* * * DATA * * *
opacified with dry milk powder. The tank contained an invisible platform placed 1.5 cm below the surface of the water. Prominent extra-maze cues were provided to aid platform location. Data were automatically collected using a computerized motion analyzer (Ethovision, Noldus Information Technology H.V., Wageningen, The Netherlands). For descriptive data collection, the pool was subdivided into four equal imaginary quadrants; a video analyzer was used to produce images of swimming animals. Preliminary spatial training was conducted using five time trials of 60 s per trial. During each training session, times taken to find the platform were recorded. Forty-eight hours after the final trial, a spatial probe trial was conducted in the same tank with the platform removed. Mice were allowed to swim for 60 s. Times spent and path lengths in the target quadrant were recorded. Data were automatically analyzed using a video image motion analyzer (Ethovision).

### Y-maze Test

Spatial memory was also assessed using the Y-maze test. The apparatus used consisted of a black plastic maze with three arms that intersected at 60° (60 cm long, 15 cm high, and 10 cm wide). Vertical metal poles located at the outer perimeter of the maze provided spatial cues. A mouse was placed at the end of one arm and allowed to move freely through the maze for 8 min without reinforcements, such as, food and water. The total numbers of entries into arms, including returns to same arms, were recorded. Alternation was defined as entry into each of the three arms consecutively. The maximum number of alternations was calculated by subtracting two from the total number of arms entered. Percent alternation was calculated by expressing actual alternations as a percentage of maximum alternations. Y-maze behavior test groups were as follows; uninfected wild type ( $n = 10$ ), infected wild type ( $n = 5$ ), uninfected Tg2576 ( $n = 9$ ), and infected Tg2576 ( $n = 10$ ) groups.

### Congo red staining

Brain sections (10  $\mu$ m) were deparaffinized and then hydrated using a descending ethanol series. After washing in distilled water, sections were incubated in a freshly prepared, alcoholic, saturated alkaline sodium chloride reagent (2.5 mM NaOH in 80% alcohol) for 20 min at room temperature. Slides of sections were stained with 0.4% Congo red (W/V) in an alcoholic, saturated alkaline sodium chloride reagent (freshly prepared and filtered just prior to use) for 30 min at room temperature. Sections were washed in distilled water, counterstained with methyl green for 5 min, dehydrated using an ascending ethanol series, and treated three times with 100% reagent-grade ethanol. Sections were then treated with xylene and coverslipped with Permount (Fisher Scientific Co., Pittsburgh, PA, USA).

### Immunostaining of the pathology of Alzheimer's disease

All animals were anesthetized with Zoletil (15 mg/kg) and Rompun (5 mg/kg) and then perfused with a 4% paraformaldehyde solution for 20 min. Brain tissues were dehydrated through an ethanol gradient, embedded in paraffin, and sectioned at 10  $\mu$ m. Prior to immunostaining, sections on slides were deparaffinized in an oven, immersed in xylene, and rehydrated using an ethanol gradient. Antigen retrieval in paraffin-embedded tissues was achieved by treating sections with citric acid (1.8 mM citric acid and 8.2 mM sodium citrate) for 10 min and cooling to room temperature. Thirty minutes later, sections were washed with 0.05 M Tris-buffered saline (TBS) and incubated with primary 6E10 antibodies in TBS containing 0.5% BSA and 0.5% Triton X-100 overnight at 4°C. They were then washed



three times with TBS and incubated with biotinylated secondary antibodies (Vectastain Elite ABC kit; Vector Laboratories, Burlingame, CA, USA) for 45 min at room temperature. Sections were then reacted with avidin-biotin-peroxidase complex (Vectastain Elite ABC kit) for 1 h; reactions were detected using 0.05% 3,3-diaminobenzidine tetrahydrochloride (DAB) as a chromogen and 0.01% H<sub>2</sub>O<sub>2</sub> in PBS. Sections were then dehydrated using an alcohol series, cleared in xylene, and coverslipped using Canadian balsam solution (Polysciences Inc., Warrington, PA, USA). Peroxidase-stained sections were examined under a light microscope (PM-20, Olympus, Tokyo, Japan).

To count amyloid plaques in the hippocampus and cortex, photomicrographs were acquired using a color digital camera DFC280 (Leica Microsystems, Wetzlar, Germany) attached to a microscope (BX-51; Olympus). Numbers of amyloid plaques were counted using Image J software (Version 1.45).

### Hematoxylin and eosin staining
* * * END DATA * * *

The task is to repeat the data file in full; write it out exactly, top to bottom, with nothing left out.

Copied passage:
opacified with dry milk powder. The tank contained an invisible platform placed 1.5 cm below the surface of the water. Prominent extra-maze cues were provided to aid platform location. Data were automatically collected using a computerized motion analyzer (Ethovision, Noldus Information Technology H.V., Wageningen, The Netherlands). For descriptive data collection, the pool was subdivided into four equal imaginary quadrants; a video analyzer was used to produce images of swimming animals. Preliminary spatial training was conducted using five time trials of 60 s per trial. During each training session, times taken to find the platform were recorded. Forty-eight hours after the final trial, a spatial probe trial was conducted in the same tank with the platform removed. Mice were allowed to swim for 60 s. Times spent and path lengths in the target quadrant were recorded. Data were automatically analyzed using a video image motion analyzer (Ethovision).

### Y-maze Test

Spatial memory was also assessed using the Y-maze test. The apparatus used consisted of a black plastic maze with three arms that intersected at 60° (60 cm long, 15 cm high, and 10 cm wide). Vertical metal poles located at the outer perimeter of the maze provided spatial cues. A mouse was placed at the end of one arm and allowed to move freely through the maze for 8 min without reinforcements, such as, food and water. The total numbers of entries into arms, including returns to same arms, were recorded. Alternation was defined as entry into each of the three arms consecutively. The maximum number of alternations was calculated by subtracting two from the total number of arms entered. Percent alternation was calculated by expressing actual alternations as a percentage of maximum alternations. Y-maze behavior test groups were as follows; uninfected wild type ( $n = 10$ ), infected wild type ( $n = 5$ ), uninfected Tg2576 ( $n = 9$ ), and infected Tg2576 ( $n = 10$ ) groups.

### Congo red staining

Brain sections (10  $\mu$ m) were deparaffinized and then hydrated using a descending ethanol series. After washing in distilled water, sections were incubated in a freshly prepared, alcoholic, saturated alkaline sodium chloride reagent (2.5 mM NaOH in 80% alcohol) for 20 min at room temperature. Slides of sections were stained with 0.4% Congo red (W/V) in an alcoholic, saturated alkaline sodium chloride reagent (freshly prepared and filtered just prior to use) for 30 min at room temperature. Sections were washed in distilled water, counterstained with methyl green for 5 min, dehydrated using an ascending ethanol series, and treated three times with 100% reagent-grade ethanol. Sections were then treated with xylene and coverslipped with Permount (Fisher Scientific Co., Pittsburgh, PA, USA).

### Immunostaining of the pathology of Alzheimer's disease

All animals were anesthetized with Zoletil (15 mg/kg) and Rompun (5 mg/kg) and then perfused with a 4% paraformaldehyde solution for 20 min. Brain tissues were dehydrated through an ethanol gradient, embedded in paraffin, and sectioned at 10  $\mu$ m. Prior to immunostaining, sections on slides were deparaffinized in an oven, immersed in xylene, and rehydrated using an ethanol gradient. Antigen retrieval in paraffin-embedded tissues was achieved by treating sections with citric acid (1.8 mM citric acid and 8.2 mM sodium citrate) for 10 min and cooling to room temperature. Thirty minutes later, sections were washed with 0.05 M Tris-buffered saline (TBS) and incubated with primary 6E10 antibodies in TBS containing 0.5% BSA and 0.5% Triton X-100 overnight at 4°C. They were then washed



three times with TBS and incubated with biotinylated secondary antibodies (Vectastain Elite ABC kit; Vector Laboratories, Burlingame, CA, USA) for 45 min at room temperature. Sections were then reacted with avidin-biotin-peroxidase complex (Vectastain Elite ABC kit) for 1 h; reactions were detected using 0.05% 3,3-diaminobenzidine tetrahydrochloride (DAB) as a chromogen and 0.01% H<sub>2</sub>O<sub>2</sub> in PBS. Sections were then dehydrated using an alcohol series, cleared in xylene, and coverslipped using Canadian balsam solution (Polysciences Inc., Warrington, PA, USA). Peroxidase-stained sections were examined under a light microscope (PM-20, Olympus, Tokyo, Japan).

To count amyloid plaques in the hippocampus and cortex, photomicrographs were acquired using a color digital camera DFC280 (Leica Microsystems, Wetzlar, Germany) attached to a microscope (BX-51; Olympus). Numbers of amyloid plaques were counted using Image J software (Version 1.45).

### Hematoxylin and eosin staining